Nicole Brown Simpson’s 911 tapes revealed the violence she endured, both physically and mentally. While O.J. Simpson was not found guilty of Simpson’s murder, the documentation of her suffering prompted the public to destigmatize domestic violence.

In 1994, only a few months after the O.J. Simpson trial, Congress passed the Violence Against Women Act (VAWA). VAWA ensured federal funding for domestic violence prevention programs across the United States, increasing advocacy positions, shelters, and legal resources. 

External Gender Bias

The stark difference between the media response from both the O.J. Simpson trial and the Depp-Heard trial prompts the question: what was different back then? 

For the sake of domestic violence victims in the present and future, death should not be  necessary for the public to eliminate external gender bias from their purview. 

Perhaps the public’s opinion of Amber Heard is reflective of the external gender bias that women face in court. 

Oftentimes, when a woman speaks in court, her tone of voice and body language will be scrutinized and used as a point of evaluation. Legal professionals often label a woman as ‘emotional’ and ‘moody’ if she raises her voice to a shrill pitch. When judges, jurors, opposing counsel, and legal teams stereotype a woman as lazy, dishonest, or sleazy, they may be displaying this external gender bias

Amber Heard actively avoided behaviors that could evoke unwelcome biased claims. Her grim demeanor throughout the trial starkly contrasted with Depp’s nonchalant smirks and jovial body language, yet social media users remain unconvinced of her sincerity. When Heard smirked, one TikTok user garnered over thirty thousand likes for calling her a “narcissistic abuser.” 

Heard’s presence in the trial may be the distinction between her and Nicole Brown Simpson: Women are not given equal respect in the courtroom. The public’s sensationalization of the trial is a direct reflection of the US court system’s systematic gender oppression, fueled by Heard’s humiliation.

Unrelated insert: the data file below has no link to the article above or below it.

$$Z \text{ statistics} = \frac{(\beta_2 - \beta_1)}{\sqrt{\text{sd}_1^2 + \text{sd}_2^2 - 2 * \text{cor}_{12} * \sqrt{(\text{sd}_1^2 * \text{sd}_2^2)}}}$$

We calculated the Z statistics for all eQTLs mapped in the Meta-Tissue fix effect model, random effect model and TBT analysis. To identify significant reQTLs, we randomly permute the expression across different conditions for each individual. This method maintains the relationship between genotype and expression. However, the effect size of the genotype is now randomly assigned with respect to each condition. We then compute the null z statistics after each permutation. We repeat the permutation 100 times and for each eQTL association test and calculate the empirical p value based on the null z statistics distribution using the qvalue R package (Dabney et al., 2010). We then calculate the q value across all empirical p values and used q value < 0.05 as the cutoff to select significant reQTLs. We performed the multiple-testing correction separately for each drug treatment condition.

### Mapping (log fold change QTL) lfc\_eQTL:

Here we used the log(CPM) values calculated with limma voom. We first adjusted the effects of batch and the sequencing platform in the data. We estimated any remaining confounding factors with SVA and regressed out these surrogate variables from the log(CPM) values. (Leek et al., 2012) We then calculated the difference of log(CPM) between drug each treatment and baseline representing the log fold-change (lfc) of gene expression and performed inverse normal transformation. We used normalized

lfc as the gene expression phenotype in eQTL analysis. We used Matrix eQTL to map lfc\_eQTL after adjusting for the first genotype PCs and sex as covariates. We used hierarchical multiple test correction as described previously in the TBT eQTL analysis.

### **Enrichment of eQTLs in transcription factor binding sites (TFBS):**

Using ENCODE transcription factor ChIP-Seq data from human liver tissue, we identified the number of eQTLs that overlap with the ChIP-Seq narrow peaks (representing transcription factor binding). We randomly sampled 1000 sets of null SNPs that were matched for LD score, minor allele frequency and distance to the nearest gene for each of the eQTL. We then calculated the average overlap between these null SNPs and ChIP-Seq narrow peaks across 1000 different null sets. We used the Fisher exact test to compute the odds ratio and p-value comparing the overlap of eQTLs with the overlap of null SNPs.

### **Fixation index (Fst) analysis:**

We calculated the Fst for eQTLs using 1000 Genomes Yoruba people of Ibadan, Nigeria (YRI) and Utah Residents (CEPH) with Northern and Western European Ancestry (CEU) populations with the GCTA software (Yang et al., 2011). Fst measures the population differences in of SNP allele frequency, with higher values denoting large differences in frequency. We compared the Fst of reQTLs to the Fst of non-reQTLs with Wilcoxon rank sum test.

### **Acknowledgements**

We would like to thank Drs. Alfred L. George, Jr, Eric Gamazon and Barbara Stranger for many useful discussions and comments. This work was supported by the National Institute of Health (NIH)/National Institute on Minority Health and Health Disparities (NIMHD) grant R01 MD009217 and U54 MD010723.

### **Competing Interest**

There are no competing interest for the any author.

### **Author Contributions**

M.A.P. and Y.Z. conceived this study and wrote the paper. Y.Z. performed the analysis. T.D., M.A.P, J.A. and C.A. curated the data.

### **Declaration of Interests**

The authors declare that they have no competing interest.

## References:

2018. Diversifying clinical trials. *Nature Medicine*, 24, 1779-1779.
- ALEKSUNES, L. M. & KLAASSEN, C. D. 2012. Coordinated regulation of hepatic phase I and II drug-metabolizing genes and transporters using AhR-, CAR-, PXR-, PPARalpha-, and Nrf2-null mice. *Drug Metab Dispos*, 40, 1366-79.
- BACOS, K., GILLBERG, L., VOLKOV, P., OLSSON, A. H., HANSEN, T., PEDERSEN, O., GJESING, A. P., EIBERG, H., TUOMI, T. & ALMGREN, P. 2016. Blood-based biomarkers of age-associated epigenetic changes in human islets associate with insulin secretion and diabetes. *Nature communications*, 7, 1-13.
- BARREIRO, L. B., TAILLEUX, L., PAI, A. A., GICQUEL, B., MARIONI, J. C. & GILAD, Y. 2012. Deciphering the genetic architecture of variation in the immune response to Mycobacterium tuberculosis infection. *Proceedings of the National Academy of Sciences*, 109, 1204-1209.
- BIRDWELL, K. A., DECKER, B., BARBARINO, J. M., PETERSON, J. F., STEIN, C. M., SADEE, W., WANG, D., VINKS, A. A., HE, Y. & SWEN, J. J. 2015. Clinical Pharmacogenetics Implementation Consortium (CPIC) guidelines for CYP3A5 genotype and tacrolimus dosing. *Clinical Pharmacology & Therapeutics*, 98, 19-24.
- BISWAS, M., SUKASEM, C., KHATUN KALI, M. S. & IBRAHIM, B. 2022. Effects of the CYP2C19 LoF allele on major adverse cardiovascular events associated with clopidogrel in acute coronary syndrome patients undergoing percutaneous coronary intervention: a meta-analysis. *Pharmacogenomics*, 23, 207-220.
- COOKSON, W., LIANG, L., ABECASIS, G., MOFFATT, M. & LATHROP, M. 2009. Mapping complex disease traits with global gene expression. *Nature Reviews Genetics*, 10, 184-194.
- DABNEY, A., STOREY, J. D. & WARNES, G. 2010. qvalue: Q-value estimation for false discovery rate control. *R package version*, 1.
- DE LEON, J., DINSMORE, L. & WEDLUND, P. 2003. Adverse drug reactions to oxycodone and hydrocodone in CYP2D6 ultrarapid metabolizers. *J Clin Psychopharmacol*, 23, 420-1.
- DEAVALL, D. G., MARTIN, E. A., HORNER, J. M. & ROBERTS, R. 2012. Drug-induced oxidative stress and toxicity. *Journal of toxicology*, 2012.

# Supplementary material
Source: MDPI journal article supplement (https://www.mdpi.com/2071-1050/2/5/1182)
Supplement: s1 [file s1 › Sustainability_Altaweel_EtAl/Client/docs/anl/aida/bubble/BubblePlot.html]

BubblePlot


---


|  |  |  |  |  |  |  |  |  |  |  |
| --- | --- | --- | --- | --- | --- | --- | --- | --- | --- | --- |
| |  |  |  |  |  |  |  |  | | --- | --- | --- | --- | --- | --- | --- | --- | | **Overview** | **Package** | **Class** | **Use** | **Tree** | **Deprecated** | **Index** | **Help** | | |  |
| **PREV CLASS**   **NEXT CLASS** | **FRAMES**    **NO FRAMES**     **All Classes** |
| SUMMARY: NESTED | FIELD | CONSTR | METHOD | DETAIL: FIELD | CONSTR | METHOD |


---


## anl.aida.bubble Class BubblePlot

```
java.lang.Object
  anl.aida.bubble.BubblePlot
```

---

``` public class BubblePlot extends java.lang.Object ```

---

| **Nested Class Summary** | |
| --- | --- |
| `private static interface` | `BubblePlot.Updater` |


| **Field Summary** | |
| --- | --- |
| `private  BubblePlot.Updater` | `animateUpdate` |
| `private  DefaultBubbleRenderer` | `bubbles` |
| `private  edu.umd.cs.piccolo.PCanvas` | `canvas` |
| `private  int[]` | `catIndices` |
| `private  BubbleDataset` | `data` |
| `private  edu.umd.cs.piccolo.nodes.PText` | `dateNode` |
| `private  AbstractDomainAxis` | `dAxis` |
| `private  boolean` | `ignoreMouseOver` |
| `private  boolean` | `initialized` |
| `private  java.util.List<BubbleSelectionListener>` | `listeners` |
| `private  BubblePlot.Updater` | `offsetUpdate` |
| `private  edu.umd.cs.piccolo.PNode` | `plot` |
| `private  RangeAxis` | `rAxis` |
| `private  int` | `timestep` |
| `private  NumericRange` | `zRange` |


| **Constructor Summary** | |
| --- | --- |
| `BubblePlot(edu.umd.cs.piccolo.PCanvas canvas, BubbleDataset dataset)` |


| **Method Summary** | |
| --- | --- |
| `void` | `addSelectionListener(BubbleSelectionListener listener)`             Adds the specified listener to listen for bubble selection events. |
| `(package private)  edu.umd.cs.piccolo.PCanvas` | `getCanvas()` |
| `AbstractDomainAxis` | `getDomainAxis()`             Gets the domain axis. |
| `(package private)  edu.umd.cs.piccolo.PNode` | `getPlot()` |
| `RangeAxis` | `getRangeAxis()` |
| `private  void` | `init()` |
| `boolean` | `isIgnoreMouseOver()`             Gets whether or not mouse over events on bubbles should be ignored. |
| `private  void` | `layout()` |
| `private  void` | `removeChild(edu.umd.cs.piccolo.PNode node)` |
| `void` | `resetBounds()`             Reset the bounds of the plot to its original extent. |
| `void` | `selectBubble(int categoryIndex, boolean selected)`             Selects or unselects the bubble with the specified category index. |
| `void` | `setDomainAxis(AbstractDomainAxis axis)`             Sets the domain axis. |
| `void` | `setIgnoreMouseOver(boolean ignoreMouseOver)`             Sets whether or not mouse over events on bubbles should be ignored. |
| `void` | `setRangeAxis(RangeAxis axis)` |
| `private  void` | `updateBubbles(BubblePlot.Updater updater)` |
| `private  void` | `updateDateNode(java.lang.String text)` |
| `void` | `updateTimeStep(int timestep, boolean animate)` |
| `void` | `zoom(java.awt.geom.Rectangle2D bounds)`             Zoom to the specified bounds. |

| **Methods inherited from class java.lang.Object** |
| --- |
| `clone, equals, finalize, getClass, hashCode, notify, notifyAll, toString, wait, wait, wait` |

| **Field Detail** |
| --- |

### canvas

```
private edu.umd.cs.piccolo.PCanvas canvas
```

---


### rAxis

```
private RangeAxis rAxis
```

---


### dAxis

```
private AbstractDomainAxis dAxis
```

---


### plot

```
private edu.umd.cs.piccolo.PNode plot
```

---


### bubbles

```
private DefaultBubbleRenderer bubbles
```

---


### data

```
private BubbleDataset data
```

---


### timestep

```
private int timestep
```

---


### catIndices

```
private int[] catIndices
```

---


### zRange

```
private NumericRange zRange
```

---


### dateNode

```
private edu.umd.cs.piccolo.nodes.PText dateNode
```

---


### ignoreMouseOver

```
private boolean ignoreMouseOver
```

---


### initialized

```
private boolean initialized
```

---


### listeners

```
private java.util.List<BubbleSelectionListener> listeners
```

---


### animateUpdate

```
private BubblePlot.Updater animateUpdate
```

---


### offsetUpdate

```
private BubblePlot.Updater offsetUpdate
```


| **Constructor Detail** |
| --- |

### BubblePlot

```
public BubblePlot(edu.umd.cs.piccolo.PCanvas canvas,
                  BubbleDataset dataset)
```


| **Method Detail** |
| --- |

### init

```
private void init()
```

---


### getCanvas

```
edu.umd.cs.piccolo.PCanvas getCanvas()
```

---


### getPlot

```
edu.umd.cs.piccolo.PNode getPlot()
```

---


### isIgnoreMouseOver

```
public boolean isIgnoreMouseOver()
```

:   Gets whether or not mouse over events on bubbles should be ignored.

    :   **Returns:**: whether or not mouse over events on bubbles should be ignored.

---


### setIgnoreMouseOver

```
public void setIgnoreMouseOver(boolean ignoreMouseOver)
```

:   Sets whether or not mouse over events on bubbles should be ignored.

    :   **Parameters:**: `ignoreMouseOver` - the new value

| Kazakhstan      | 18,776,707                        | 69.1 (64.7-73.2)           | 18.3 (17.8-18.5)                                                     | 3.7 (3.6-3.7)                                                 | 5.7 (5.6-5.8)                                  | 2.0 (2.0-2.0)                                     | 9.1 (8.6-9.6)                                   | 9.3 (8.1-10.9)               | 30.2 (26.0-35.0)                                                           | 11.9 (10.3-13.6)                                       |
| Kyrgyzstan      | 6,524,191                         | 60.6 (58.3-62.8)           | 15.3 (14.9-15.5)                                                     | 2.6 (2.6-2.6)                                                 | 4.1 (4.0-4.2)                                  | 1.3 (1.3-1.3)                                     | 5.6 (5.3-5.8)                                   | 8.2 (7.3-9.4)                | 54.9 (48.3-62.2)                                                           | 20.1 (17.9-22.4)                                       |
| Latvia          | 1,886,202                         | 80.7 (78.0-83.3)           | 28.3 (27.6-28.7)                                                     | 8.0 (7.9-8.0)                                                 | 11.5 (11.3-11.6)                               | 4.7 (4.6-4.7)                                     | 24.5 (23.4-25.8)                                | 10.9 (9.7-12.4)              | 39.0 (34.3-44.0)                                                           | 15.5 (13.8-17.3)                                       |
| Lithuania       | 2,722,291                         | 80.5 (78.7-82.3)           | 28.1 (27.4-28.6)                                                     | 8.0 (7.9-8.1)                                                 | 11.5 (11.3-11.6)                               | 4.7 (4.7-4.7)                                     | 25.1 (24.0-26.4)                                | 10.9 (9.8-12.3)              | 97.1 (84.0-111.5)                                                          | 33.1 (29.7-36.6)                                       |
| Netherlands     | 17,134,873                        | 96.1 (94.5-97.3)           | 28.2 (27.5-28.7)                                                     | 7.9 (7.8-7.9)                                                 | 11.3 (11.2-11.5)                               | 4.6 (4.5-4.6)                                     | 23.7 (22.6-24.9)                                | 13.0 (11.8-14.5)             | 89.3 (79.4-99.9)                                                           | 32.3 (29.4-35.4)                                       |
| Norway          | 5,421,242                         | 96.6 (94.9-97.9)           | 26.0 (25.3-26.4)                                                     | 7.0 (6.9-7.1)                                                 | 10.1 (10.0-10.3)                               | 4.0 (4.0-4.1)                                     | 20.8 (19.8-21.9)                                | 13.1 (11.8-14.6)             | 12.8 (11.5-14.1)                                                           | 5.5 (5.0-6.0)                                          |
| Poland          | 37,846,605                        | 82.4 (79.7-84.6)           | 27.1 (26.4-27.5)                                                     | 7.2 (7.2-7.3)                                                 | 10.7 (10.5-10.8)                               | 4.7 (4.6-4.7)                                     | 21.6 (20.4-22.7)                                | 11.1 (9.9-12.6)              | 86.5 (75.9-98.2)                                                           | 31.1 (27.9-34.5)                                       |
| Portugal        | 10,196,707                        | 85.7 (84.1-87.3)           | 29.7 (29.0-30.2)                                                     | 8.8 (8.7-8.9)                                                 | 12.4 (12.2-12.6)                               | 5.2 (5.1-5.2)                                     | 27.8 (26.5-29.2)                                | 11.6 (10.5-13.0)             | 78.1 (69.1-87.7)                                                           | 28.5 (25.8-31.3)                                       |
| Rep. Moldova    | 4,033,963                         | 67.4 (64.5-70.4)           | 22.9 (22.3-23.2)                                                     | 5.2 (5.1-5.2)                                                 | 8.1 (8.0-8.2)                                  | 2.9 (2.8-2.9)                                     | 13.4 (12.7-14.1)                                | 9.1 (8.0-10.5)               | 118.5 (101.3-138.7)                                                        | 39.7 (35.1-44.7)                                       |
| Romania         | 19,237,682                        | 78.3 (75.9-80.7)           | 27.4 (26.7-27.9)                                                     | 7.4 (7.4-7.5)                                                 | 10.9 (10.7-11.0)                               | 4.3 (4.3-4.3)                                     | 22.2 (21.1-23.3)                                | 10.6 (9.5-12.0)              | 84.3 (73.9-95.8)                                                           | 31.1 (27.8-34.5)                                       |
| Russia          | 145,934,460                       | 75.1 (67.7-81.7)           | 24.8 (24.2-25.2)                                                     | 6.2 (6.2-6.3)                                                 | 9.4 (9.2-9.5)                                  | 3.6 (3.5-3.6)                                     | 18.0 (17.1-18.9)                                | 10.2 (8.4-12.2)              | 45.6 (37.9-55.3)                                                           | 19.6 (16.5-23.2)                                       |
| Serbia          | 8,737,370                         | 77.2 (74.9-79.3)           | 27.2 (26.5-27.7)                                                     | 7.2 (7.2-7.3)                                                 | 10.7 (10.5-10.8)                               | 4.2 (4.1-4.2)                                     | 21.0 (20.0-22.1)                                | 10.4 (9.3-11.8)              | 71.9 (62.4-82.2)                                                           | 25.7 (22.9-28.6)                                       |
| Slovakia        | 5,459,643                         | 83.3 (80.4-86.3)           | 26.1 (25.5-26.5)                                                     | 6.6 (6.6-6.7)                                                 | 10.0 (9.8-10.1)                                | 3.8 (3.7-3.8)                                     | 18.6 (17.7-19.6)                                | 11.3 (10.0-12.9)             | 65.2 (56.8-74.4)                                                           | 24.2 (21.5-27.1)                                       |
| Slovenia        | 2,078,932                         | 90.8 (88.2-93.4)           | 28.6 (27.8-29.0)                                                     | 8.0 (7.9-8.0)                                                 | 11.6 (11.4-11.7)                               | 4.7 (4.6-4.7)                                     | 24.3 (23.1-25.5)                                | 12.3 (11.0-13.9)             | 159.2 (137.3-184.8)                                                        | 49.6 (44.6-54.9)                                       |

A Nightmare for Sexual Violence Victims

Socially, domestic violence is still not taken seriously, and is often interpreted by courts as a simple marital dispute. For an issue that the media still inadequately represent, cameras, sensationalization, and internet trolls were the last things that survivors needed. 

An open letter, published after the trial’s popularity dwindled, is not the response survivors needed. 

Domestic abuse survivors are entangled with the stigma that their suffering entails and many of them are hesitant to seek help from a broken justice system that favors their abusers. 

The media coverage of this trial has enabled social media users to bolster the myth that survivors lie about their abuse for quick fame or money. These supposedly harmless memes are sending the United States justice system decades backward, into a time where the patriarchy promoted the belief that women are untrustworthy to maintain their power. 

The public’s reaction towards Heard in this trial will set a precedent for women in the future that gives abusers the upper hand. The effects of the livestream on our screens will unfortunately leak into the real world, and create real consequences for women in courtrooms all over the country.